- increasing space between staff – for example on a production line leaving 2 metre gaps between people and indicating spacing with markings
- considering appropriate provision of rest space – is there a congregation of workers at a certain time? Could additional space be provided, or breaks staggered?
- altering tasks undertaken – making adjustments to the way that work is done, to reduce contact
- staggering shifts to minimise people on site and to reduce congestion at the point of shift changes
When is it permitted to allow people to be within 2 metres of each other?
The Welsh Government advises all people who don’t live together to keep their distance from others wherever possible, and to not greet each other physically when they see each other. The risk of exposure to coronavirus remains real when in close proximity with others, especially when indoors.
However, in so far as the legal obligations under regulation 16 are concerned, a specific requirement to take all reasonable measures to maintain 2 metre distance between people indoors is limited in the following ways:
- those who live together are not required to remain apart as there is no additional risk of transmission between them;
- recognising economic and social reality in indoor hospitality settings and events in particular, at Alert Levels 1 and 2 groups of up to 6 people from different households may be within a 2 metre distance – though those who do so should appreciate that there is a risk of exposure to coronavirus in doing so and try and maintain distance where possible;
- in so far as maintaining a 2 metre distance between groups (households or groups of up 6 at Alert Levels 1 or 2) is concerned, all reasonable measures should be taken to maintain 2 metre distancing indoors, however there may be circumstances where other measures taken mitigate the risk that arises if they are within 2 metres.
In considering whether it is reasonable to maintain 2 metre distance indoors or physical distancing outdoors there are situations in which this is not practicable. Examples include:
- provision of personal services, including in the home
- tasks that require two or more people to undertake them safely, including heavy lifting or carrying dangerous chemicals, although there may be measures that can be adopted elsewhere in the workplace
- in regulated premises and workplace settings where young children or people with complex needs are present who cannot understand the concept of physical distancing, and where the appropriate support from support workers may require closer contact e.g. to help a child or person who has fallen
- participating in activities where people may spend short bursts of time within 2 metres of each other, such as indoor team sports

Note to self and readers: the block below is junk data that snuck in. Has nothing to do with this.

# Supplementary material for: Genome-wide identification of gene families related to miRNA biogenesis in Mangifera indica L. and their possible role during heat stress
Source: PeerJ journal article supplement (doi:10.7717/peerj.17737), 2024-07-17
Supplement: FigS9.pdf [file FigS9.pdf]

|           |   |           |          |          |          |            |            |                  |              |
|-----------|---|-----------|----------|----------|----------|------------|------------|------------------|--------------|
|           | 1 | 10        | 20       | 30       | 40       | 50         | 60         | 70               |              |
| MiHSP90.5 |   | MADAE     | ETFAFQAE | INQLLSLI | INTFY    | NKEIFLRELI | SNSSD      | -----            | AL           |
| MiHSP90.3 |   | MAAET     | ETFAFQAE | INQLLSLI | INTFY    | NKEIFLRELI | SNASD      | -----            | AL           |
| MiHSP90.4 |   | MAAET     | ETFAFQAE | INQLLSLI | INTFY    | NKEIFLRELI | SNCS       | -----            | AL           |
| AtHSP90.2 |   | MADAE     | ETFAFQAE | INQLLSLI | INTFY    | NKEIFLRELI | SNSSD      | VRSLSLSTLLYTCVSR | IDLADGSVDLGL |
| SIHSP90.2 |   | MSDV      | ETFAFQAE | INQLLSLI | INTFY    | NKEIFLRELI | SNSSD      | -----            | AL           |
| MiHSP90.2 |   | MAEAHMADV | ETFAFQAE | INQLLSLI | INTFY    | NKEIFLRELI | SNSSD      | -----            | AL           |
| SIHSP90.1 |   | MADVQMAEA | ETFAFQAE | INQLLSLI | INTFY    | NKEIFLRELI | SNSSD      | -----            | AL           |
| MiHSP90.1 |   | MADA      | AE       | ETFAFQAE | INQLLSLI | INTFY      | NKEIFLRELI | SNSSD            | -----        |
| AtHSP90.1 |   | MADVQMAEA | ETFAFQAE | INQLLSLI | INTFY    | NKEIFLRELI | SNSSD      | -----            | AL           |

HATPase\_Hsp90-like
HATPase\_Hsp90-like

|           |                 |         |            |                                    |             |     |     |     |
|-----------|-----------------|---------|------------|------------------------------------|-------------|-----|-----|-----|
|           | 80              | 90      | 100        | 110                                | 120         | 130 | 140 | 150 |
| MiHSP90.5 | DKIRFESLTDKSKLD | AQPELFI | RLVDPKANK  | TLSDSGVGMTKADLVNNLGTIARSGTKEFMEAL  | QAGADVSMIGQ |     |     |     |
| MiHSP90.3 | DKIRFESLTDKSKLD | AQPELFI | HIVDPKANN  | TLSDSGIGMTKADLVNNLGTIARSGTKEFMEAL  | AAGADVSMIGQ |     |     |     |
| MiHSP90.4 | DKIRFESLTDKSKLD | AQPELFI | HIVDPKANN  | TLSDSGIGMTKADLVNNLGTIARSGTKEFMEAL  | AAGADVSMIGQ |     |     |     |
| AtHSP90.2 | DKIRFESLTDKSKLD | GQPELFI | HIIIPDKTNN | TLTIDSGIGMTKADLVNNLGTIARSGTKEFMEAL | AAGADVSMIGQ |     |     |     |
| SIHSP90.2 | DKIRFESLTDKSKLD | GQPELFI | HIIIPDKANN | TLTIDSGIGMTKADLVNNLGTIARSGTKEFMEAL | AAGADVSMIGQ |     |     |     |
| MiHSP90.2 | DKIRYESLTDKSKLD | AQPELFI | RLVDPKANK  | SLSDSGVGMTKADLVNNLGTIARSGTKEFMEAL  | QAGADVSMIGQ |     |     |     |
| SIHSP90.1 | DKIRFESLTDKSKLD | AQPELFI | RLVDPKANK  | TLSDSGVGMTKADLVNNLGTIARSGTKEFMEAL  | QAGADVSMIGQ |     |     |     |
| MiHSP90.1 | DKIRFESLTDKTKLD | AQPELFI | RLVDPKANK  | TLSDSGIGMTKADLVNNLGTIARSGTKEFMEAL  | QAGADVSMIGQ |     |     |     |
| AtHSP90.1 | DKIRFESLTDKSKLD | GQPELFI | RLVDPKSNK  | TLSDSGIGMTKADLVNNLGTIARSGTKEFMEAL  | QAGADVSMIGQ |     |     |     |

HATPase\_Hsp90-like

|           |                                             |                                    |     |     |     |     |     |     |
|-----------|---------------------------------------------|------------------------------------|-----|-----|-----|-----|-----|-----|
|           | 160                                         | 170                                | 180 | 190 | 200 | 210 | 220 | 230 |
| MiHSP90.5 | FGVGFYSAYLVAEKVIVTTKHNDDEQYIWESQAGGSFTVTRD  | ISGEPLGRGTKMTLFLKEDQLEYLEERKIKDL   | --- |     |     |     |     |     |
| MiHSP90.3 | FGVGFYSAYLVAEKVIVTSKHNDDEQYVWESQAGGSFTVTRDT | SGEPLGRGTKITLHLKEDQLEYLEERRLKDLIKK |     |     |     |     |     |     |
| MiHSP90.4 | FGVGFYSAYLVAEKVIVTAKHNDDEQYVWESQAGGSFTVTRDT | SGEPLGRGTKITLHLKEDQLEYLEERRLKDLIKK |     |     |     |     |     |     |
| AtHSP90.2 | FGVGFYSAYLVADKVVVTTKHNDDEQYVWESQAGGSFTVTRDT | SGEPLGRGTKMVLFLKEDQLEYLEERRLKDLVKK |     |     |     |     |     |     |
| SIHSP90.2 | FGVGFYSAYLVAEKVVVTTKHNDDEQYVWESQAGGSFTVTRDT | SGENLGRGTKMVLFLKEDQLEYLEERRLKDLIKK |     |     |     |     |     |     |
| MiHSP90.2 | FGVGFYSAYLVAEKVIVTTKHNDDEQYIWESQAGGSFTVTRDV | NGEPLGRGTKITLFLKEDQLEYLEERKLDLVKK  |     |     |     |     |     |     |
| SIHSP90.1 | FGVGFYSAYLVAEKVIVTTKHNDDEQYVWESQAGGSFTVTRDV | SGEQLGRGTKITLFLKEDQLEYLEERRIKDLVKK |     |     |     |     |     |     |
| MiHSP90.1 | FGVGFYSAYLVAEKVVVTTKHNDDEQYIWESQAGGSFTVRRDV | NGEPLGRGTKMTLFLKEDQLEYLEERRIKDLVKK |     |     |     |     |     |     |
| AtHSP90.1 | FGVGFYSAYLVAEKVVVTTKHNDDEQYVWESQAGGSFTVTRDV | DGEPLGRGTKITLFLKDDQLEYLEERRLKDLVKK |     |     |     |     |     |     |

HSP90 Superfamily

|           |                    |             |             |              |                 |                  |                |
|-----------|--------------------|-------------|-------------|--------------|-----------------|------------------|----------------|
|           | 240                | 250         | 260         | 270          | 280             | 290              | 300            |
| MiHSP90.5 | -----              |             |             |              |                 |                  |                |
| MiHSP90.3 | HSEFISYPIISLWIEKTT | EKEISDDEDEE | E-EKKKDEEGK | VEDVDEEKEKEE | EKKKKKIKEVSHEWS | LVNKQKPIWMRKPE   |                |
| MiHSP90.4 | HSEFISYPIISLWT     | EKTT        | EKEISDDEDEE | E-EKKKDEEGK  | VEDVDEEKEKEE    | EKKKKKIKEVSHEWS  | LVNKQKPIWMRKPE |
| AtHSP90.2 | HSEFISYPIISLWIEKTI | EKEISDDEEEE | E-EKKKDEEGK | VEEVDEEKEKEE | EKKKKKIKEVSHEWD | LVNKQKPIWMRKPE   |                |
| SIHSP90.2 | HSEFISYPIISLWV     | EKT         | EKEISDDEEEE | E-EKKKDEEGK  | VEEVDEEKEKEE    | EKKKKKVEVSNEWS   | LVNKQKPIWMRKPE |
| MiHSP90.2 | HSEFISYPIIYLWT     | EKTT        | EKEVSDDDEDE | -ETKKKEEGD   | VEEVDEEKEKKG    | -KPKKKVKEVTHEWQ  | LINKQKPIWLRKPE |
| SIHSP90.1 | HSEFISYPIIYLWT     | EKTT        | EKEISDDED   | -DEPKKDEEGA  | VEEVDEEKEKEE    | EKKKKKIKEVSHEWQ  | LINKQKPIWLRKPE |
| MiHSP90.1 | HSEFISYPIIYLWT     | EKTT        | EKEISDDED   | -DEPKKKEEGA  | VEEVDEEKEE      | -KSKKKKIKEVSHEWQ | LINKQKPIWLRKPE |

- exceptions where close contact is necessary between workers and the users of services,
- taxis and some forms of public transport
- where dual working at less than 2 metres apart indoors is necessary to ensure safety
- working in confined spaces, for example repairing infrastructure for utilities
Where premises are open to young children, it may not be practicable to attempt to rigidly maintain continual physical distancing between those children (or even between those children and any adults on the premises). This is in part because it is harder for younger children to understand the concept of physical distancing, and in part because appropriate support from carers will often require closer contact. It is also of note that evidence suggests that younger children are less likely to transmit the virus (whether to other children or to adults), and that the virus appears in general to have a milder effect on younger children than on adults.
Finally, we recognise that maintaining physical distancing outdoors and 2 metre physical distancing indoors could place some businesses under significant commercial strain. Although protecting public health and maintaining public confidence should be the priority, businesses which are able to be open under the Alert Level in force, are able to operate shorter physical distancing if the cost implications of maintaining physical distancing are such that they would make the business unviable.
In all of these cases, it is vital that other reasonable measures are put in place to minimise the risk of exposure to coronavirus, as set out in the section below. Not maintaining 2 metre physical distancing does not mean no physical distancing. Maintaining as much physical distancing as is reasonable should still be the objective, taking into account other mitigations that are reasonable.